31. OT&P Healthcare. (2021, September 14). Gut Microbiota and Covid-19. OT&P – Internationally Accredited Medical Clinics in Hong Kong. Retrieved October 5, 2021, from https://www.otandp.com/blog/gut-microbiota-and-covid-19.

    32. Mast Cell Activation Syndrome (MCAS). American Academy of Allergy Asthma & Immunology. (n.d.). Retrieved October 5, 2021, from https://www.aaaai.org/conditions-treatments/related-conditions/mcas.

    33. Sukhatme, V. P., Reiersen, A. M., Vayttaden, S. J., &amp; Sukhatme, V. V. (1AD, January 1). Fluvoxamine: A review of its mechanism of action and its role in covid-19. Frontiers. Retrieved October 5, 2021, from https://www.frontiersin.org/articles/10.3389/fphar.2021.652688/full.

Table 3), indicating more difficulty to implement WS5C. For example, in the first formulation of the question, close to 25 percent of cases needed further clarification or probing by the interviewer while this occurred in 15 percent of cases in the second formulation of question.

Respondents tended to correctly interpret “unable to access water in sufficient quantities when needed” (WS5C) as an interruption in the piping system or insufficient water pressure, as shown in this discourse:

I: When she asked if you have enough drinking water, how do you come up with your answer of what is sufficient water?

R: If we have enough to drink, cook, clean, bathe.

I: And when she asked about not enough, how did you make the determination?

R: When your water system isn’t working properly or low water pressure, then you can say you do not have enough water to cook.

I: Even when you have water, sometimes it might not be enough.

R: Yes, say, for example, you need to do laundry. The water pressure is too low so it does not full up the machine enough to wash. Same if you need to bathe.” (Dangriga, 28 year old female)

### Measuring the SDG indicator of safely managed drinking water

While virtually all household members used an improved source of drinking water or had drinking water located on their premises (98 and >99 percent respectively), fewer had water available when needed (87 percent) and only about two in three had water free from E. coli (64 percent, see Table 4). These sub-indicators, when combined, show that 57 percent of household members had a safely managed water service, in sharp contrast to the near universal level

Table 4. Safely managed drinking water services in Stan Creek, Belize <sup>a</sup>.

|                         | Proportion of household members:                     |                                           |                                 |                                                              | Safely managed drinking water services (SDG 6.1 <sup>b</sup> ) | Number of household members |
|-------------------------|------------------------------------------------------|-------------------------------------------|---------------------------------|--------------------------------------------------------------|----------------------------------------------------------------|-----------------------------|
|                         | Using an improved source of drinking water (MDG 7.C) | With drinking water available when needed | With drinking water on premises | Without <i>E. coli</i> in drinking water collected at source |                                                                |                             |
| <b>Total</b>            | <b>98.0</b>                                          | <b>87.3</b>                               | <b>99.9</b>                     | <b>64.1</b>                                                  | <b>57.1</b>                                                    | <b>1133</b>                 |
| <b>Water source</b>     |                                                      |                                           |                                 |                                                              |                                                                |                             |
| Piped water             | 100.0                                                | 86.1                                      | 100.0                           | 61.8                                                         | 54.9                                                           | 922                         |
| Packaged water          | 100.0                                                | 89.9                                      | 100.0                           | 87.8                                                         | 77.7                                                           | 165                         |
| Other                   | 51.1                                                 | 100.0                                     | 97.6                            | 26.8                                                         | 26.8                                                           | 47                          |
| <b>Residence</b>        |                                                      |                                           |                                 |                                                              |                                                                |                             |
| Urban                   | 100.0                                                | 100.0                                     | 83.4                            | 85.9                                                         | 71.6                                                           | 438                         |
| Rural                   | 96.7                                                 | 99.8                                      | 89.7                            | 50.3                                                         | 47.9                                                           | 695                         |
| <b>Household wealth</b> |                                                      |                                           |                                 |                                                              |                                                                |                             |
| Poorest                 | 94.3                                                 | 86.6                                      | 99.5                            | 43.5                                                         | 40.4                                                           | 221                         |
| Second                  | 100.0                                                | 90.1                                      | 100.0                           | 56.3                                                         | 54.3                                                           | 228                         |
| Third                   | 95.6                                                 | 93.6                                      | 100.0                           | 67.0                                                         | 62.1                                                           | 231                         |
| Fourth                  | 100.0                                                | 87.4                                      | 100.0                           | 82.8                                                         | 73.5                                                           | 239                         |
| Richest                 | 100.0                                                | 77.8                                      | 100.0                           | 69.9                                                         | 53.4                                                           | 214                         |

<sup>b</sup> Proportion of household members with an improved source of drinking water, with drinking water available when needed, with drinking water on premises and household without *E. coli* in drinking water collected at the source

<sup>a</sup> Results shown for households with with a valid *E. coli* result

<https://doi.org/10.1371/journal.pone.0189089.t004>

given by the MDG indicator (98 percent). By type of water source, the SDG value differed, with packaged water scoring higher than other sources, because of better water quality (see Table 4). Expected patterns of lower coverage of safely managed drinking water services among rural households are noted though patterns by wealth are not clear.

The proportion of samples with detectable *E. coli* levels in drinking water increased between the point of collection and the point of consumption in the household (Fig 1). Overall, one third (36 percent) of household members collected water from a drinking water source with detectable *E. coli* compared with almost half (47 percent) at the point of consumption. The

34. Tarocco, A., Caroccia, N., Morciano, G., Wieckowski, M. R., Ancora, G., Garani, G., & Pinton, P. (2019, April 8). Melatonin as a master regulator of cell death and inflammation: Molecular mechanisms and clinical implications for newborn care. Nature News. Retrieved October 5, 2021, from https://www.nature.com/articles/s41419-019-1556-7.

    35. I-RECOVER Management Protocol for Long Haul COVID-19 Syndrome (LHCS) | Front Line COVID-19 Critical Care Alliance. (2021, August 11). Retrieved October 5, 2021, from https://covid19criticalcare.com/covid-19-protocols/i-recover-protocol/.

    36. Molderings, G. J., Brettner, S., Homann, J., &amp; Afrin, L. B. (2011, March 22). Mast cell activation disease: A concise practical guide for diagnostic workup and therapeutic options. Journal of Hematology &amp; Oncology. Retrieved October 5, 2021, from https://jhoonline.biomedcentral.com/articles/10.1186/1756-8722-4-10.